I think it depends on which death it was. There are definitely times when I felt I wanted to see the death whether it was the mortician when he gets the blade to the neck or the wife of Rory Hamill when she gets the knife to the neck. You know, moments that you see it. But then there are the times when it felt like I didn’t really want to see the death. For example, the mother and son in the closet or when that father of that character dies in the jail cell. It’s not so much an overall decision, as it is more of a scene-by-scene decision. For me, the gore, I wanted to support the movie. I didn’t want the movie to be just about the kills or the scope of gore and then [everybody] goes home and the people wouldn’t just be talking about the deaths and the interesting gore. They’d be talking about the story and the themes and the characters and within that conversation would be the discussion of the fun set pieces and the interesting deaths and the car wash and the knife and the bone saw. So it’s just a go-with-a gut-thing and I like a certain amount of gore, but for me, if you go too far it kind of breaks the story apart.
SY: Much of the film relies on the relationship between your four leads. Was the chemistry instant?
When you shoot a movie on location and especially a location like Perry, Georgia or Lenox, Iowa, which are both very small towns and kind of in the middle of nowhere, everybody bonds because there’s nothing else to do. It’s not like everyone’s going home at night. There really aren’t even restaurants to go to. You all kind of go to the same place and do the same thing. It helps bond, not just the cast, but the crew to the cast and it just makes making a movie that much more pleasant. You know, everybody has their conflicts in the course of making movies. There are times when people just get heated, but for the majority of making this movie, they got along well and it was a good group of people to have together and it helped to make the movie.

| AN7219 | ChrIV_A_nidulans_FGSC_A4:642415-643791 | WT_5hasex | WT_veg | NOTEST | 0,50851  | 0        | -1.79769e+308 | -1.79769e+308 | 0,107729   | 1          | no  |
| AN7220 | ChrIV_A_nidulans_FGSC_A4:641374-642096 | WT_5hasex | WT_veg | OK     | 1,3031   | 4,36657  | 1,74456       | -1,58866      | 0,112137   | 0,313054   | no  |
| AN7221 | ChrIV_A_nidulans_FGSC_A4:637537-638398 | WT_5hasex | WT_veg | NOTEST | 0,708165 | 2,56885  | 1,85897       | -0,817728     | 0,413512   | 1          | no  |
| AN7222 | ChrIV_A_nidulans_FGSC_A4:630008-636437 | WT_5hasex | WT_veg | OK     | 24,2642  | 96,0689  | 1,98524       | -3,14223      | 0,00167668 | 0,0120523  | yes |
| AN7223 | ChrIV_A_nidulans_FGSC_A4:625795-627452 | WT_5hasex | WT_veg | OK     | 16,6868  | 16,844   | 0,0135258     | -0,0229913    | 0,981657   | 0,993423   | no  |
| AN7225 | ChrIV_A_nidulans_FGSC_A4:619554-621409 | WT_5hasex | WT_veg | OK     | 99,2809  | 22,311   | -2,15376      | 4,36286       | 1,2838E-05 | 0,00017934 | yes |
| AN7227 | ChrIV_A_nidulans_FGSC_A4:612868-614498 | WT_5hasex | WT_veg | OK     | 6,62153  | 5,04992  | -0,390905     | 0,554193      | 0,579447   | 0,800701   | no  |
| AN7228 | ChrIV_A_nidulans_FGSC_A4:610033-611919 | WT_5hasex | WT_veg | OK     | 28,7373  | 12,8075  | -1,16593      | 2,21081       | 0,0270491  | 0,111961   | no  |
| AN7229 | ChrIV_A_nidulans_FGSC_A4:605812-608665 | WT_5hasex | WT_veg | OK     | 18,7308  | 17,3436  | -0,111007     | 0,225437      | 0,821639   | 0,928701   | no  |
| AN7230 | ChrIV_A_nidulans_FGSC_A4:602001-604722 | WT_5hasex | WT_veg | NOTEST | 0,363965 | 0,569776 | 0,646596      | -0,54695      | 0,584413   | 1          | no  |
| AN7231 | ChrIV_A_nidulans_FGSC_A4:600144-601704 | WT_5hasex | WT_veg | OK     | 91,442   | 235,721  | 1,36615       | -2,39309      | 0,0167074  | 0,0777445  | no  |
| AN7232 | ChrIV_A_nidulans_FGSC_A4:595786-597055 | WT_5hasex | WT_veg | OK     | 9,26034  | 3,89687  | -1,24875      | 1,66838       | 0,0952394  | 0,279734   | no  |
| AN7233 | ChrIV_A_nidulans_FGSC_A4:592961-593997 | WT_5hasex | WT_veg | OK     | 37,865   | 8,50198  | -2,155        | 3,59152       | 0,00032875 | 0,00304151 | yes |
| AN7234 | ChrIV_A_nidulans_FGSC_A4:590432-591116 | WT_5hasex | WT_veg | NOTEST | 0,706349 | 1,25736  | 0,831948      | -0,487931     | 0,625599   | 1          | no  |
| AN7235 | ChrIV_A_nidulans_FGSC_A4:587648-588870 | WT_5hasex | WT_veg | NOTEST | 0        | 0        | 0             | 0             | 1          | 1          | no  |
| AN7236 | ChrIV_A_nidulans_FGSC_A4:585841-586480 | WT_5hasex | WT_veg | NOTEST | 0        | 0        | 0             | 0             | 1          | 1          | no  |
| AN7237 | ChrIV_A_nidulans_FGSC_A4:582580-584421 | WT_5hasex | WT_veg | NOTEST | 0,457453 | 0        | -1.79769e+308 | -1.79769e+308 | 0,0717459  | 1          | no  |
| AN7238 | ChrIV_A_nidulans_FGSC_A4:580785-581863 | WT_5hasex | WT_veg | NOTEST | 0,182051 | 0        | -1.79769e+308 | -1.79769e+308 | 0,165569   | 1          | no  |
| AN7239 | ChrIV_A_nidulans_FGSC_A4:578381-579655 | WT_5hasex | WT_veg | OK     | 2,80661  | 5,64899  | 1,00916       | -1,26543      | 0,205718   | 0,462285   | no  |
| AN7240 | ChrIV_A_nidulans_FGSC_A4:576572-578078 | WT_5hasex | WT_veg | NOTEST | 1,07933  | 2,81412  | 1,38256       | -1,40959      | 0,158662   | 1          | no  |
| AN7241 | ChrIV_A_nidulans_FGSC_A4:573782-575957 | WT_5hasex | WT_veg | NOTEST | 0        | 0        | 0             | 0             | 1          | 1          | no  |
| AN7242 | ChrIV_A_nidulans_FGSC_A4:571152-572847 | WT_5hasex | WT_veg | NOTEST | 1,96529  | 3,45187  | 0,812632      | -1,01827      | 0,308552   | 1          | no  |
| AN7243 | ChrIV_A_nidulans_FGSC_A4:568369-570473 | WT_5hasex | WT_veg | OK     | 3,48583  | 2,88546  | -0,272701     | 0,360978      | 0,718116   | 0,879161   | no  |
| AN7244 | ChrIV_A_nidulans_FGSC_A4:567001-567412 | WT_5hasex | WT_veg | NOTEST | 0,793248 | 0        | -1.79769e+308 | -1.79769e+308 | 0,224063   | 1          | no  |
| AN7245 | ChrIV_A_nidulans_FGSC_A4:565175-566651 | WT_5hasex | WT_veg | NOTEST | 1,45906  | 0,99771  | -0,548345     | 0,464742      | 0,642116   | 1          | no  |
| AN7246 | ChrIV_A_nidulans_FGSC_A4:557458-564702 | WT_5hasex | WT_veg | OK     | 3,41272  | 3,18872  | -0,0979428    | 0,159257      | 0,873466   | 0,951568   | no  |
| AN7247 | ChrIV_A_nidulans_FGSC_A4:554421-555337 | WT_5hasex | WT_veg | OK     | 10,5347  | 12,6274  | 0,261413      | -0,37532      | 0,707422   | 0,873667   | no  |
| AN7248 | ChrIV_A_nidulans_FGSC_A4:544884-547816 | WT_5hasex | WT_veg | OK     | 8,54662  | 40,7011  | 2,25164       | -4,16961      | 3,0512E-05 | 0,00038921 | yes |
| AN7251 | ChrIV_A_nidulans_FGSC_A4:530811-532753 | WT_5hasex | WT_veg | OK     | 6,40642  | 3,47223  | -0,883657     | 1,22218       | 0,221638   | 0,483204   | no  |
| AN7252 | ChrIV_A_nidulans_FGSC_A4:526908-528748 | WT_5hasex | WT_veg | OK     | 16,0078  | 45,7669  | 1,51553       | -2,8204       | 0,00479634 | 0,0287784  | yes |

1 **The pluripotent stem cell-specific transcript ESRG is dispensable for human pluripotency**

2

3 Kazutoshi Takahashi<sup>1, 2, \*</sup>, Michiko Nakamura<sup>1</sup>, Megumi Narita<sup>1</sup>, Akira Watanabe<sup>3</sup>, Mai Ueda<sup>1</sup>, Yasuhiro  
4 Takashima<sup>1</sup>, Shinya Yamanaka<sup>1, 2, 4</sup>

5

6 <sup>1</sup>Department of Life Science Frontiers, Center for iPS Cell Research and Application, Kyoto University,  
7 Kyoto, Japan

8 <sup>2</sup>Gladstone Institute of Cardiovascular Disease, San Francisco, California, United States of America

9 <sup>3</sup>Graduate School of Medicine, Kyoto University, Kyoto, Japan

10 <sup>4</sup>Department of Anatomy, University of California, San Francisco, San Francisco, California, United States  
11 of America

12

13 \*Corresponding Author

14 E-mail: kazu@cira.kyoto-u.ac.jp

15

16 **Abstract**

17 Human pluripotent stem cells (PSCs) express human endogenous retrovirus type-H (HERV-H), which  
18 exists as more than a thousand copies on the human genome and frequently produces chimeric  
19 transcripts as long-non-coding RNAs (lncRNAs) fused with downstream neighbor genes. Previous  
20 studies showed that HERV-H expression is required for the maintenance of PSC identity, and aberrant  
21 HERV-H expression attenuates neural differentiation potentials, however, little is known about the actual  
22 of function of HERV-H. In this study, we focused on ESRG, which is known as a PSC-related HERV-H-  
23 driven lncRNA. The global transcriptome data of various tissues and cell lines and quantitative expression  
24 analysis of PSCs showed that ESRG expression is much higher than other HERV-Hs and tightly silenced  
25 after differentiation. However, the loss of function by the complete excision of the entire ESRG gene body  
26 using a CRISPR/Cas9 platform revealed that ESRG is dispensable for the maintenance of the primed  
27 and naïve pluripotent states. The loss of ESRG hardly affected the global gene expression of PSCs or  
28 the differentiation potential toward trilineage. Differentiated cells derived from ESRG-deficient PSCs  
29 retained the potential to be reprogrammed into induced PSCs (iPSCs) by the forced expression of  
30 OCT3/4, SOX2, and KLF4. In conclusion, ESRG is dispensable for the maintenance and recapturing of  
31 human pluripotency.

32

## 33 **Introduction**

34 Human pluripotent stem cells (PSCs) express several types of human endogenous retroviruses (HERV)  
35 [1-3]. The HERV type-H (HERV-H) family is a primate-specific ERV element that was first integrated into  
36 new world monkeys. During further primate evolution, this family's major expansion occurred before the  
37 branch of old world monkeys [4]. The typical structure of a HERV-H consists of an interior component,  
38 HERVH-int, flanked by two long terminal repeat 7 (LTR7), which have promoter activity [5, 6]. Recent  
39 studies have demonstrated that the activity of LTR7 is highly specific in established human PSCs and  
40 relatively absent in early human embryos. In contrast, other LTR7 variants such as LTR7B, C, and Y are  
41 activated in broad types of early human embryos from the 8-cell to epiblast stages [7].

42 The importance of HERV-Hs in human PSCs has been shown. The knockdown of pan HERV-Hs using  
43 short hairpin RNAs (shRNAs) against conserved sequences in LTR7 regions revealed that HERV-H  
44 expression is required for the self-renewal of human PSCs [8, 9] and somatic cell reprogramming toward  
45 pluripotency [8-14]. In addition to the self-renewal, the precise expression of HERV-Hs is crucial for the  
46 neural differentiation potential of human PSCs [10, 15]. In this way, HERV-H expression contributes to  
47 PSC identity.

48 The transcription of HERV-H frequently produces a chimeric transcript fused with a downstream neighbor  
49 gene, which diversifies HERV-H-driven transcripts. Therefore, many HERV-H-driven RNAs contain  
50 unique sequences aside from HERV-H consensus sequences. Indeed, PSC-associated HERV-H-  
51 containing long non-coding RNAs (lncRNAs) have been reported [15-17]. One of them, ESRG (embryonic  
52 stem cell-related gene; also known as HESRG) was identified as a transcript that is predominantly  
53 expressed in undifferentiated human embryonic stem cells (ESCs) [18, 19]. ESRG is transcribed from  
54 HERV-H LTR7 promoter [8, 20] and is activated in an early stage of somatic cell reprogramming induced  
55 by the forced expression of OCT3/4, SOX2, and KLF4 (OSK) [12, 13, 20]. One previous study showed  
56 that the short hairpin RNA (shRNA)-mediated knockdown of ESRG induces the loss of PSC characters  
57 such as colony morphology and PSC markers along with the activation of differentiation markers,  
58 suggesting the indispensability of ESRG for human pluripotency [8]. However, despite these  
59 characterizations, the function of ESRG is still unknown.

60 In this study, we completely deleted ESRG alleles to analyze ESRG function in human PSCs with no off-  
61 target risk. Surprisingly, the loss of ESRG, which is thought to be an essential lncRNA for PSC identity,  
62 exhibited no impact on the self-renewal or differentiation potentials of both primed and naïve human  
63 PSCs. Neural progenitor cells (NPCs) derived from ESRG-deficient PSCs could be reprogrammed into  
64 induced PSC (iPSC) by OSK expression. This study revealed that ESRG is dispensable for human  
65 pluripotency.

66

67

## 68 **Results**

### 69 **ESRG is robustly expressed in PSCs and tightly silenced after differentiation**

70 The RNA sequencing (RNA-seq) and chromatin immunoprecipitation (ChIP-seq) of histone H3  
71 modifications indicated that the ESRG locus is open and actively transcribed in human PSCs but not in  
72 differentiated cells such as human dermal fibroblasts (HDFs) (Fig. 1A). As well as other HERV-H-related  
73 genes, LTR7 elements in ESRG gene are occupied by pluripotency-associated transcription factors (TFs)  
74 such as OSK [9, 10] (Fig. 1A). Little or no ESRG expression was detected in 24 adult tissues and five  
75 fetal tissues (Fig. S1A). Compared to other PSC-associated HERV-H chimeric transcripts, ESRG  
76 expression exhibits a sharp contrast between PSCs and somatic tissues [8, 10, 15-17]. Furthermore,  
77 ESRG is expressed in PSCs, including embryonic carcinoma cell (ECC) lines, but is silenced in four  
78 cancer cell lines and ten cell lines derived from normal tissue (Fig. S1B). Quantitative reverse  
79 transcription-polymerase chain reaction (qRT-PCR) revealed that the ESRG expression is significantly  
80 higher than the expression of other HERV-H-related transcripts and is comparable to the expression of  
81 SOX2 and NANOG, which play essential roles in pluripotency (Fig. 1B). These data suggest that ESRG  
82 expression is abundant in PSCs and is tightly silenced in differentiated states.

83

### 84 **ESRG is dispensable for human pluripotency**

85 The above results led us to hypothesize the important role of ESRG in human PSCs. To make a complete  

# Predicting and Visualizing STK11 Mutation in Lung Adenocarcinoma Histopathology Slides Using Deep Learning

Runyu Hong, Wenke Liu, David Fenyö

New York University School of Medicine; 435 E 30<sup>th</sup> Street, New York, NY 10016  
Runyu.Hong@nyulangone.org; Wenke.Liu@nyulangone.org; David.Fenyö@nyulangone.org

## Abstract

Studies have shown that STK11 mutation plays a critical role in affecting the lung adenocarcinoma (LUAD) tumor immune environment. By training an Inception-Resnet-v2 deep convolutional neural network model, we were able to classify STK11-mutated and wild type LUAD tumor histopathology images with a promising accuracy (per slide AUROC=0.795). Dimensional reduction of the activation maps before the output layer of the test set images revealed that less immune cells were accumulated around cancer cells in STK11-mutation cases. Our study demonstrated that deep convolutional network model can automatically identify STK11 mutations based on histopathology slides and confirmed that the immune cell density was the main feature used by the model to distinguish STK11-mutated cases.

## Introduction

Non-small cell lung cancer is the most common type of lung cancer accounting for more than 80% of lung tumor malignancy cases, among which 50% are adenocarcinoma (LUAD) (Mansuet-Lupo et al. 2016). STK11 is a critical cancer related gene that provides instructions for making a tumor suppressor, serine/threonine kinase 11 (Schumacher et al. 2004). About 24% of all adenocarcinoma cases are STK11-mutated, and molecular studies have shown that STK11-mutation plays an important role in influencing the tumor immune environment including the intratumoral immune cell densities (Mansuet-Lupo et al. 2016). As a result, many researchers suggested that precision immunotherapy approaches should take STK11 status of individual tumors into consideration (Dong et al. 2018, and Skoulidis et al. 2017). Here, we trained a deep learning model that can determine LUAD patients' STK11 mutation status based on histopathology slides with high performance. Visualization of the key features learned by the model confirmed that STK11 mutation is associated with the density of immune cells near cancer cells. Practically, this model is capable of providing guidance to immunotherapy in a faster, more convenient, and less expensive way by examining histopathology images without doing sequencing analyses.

SY: You can tell. Of course the leads can act, but there’s only so far that can take you.
Yeah, exactly. [Laughs] There are some actors that can pretend like they like each other, they’re that good actors. But it’s a lot easier if they actually like each other.
SY: Those are your main characters, but some of the minor roles, the crazies in particular, make quite an impact. Do you have a favorite crazy?
That’s a good question. Do I have a favorite crazy? I have favorite crazy moments. I certainly like the principal. I like when he’s sitting on the bench just completely out of it and I like the hunters a lot. Those guys were hilarious together. It’s funny when you put a pack of crazies together they end up being pretty fun to watch. But I don’t know if I have a favorite crazy. I certainly have a favorite crazy from the original. In the original movie there’s this woman, she has a broom and she’s [sweeping] the grass. I always thought that was a funny. That was my favorite crazy in the original.
SY: I’ve got a similar instance I loved in your movie, the old lady who’s walking around asking if Peter called.
Oh of course! Did Peter call? We discussed this; it’s so funny. We wrote that in that script and we’re like, ‘Okay, that’ll change one day because it’s so random. It’s out of left field. We’ve got to come up with something more clever.’ And then nothing better came up and the day was there and we’re like, ‘You know what? It’s so random and so out of left field, let’s just do it!’ It’s like, ‘What the @#$% is she talking about?’ ‘I don’t know, she’s crazy!’ ‘Okay, perfect. Do it!’
SY: So what’s coming up next? Are you doing The Brood and Creature From the Black Lagoon?
No, Flash Gordon is the thing I’m most deeply embedded in now. We finished up breaking story and the writers are writing now and it’ll go to the studio in a month or two.
By Perri Nemiroff